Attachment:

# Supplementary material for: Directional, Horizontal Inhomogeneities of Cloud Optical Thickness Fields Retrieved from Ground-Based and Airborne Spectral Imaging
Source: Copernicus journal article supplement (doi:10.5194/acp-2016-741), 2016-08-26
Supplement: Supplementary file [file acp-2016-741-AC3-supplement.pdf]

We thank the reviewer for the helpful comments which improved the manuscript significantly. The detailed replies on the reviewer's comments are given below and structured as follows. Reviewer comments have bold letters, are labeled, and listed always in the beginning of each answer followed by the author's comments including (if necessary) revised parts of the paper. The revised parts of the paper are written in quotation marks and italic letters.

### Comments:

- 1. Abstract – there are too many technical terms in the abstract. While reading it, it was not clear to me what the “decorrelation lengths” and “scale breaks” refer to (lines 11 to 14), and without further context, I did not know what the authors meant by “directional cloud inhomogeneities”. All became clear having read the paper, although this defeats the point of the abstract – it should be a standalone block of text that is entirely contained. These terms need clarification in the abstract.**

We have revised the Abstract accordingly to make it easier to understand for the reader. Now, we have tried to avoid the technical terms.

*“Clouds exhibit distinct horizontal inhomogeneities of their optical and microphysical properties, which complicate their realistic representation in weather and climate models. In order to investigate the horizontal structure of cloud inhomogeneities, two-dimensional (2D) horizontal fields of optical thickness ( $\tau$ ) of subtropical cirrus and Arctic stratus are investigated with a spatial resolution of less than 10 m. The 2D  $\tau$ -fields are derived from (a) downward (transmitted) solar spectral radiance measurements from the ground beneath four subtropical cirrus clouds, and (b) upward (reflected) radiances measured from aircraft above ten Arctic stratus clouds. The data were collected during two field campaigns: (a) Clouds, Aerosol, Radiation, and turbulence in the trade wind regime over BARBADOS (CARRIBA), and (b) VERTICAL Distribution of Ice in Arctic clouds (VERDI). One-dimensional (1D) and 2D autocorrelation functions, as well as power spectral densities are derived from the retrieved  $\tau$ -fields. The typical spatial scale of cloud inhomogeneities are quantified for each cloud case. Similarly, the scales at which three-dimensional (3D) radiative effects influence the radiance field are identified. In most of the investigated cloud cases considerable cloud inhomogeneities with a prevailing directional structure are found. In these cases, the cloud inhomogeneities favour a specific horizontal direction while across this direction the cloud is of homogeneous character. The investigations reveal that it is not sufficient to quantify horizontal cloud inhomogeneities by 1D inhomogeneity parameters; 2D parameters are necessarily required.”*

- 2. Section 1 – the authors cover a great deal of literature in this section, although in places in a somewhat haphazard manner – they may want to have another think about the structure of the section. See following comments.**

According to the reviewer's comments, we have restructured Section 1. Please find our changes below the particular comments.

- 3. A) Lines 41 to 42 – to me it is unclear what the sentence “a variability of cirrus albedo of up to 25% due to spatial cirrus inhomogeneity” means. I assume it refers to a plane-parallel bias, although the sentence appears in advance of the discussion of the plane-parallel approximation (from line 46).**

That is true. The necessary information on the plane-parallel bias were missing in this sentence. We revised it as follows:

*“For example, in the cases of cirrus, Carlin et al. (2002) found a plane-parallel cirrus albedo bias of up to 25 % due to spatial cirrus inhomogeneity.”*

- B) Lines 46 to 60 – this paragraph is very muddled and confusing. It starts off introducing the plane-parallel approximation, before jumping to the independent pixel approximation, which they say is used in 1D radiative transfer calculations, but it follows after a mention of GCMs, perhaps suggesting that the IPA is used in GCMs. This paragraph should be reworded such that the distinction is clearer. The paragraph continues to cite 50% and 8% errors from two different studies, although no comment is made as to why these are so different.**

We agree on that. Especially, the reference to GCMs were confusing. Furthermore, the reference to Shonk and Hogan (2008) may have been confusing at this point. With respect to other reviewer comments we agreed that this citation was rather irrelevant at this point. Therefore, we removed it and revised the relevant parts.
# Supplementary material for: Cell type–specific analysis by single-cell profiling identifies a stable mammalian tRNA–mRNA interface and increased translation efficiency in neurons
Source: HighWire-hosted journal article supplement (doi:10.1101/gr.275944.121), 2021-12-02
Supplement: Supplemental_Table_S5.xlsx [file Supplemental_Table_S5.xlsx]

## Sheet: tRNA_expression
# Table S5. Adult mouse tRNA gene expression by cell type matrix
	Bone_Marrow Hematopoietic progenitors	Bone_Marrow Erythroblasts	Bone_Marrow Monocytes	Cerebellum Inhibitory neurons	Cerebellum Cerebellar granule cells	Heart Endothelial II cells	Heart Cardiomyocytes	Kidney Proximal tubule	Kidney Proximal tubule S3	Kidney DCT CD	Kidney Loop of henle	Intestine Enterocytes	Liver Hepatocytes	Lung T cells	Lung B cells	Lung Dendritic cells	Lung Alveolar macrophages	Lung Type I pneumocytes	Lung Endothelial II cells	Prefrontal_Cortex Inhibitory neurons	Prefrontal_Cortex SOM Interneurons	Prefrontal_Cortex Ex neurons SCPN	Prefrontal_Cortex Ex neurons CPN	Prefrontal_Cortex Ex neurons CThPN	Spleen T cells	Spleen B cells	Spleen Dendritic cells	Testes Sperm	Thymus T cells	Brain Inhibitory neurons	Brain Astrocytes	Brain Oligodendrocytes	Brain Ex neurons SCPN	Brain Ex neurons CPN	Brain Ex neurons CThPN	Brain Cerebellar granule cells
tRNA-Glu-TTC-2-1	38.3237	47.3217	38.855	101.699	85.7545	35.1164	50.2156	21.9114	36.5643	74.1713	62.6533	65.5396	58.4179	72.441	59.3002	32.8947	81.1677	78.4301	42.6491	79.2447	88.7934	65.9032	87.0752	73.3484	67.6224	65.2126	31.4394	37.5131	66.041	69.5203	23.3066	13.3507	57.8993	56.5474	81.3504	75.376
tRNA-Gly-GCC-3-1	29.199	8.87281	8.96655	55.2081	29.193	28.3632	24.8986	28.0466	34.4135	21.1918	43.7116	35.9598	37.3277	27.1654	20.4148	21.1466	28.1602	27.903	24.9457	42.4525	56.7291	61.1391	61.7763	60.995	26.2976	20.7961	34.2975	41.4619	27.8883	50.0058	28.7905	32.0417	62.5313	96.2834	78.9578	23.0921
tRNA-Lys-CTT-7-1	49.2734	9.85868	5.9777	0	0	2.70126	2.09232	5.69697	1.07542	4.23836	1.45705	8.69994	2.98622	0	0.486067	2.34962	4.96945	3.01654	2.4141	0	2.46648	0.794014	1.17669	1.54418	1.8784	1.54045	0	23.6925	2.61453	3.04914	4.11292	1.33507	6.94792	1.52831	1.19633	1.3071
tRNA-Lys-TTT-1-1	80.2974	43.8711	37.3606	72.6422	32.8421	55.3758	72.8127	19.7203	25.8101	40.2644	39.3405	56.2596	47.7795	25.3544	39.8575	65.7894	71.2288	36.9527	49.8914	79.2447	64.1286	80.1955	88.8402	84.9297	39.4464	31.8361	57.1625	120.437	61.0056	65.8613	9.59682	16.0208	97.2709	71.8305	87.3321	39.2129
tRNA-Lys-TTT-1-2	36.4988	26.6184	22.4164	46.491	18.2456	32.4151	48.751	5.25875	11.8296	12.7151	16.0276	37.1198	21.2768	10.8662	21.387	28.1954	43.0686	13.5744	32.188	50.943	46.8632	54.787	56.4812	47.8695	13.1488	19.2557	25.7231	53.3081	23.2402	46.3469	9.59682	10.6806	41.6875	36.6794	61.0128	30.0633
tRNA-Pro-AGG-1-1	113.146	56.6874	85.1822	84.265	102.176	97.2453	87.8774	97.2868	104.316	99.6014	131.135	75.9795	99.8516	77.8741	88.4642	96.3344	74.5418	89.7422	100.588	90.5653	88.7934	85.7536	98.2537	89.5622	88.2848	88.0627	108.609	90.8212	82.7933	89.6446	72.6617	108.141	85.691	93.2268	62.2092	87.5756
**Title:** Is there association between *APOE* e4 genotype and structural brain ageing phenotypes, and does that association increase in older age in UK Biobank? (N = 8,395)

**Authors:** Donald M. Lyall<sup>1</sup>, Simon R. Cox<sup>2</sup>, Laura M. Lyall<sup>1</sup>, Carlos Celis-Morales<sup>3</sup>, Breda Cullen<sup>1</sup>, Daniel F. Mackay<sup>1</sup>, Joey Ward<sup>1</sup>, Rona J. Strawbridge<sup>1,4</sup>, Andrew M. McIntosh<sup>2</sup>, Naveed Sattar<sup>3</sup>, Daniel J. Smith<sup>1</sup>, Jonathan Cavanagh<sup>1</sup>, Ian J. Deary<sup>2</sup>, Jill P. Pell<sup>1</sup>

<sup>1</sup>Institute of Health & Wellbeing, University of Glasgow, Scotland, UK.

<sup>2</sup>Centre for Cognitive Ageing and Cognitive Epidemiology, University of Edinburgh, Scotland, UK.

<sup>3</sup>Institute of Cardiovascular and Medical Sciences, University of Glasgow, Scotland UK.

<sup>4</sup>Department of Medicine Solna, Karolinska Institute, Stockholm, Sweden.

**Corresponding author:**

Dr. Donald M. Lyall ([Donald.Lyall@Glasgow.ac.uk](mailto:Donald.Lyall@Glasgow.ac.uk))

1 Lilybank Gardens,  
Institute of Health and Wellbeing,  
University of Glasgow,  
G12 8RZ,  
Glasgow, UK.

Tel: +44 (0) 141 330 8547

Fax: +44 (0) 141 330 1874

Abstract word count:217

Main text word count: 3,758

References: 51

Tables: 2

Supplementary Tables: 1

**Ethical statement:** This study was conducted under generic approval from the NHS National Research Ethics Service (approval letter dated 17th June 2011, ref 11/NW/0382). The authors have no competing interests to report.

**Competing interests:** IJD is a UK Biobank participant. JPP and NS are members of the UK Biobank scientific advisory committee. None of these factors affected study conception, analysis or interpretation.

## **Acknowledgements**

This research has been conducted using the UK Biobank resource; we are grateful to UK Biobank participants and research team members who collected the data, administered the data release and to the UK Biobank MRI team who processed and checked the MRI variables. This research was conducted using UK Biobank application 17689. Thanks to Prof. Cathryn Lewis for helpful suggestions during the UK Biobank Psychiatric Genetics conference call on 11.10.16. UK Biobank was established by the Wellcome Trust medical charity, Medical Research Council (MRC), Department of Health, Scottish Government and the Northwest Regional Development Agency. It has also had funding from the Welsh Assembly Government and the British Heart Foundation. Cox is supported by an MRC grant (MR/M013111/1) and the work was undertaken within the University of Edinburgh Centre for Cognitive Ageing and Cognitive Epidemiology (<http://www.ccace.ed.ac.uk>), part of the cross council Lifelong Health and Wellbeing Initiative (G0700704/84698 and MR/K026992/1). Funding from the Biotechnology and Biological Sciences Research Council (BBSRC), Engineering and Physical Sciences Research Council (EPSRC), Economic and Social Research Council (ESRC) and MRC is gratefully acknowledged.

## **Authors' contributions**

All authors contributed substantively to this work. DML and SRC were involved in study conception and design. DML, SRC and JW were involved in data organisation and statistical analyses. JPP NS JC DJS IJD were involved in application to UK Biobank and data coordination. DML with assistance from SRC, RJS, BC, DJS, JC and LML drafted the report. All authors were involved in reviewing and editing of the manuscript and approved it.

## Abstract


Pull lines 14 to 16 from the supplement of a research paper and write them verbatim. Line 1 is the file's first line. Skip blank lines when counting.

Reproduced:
- B) Lines 46 to 60 – this paragraph is very muddled and confusing. It starts off introducing the plane-parallel approximation, before jumping to the independent pixel approximation, which they say is used in 1D radiative transfer calculations, but it follows after a mention of GCMs, perhaps suggesting that the IPA is used in GCMs. This paragraph should be reworded such that the distinction is clearer. The paragraph continues to cite 50% and 8% errors from two different studies, although no comment is made as to why these are so different.**

We agree on that. Especially, the reference to GCMs were confusing. Furthermore, the reference to Shonk and Hogan (2008) may have been confusing at this point. With respect to other reviewer comments we agreed that this citation was rather irrelevant at this point. Therefore, we removed it and revised the relevant parts.
# Supplementary material for: Cell type–specific analysis by single-cell profiling identifies a stable mammalian tRNA–mRNA interface and increased translation efficiency in neurons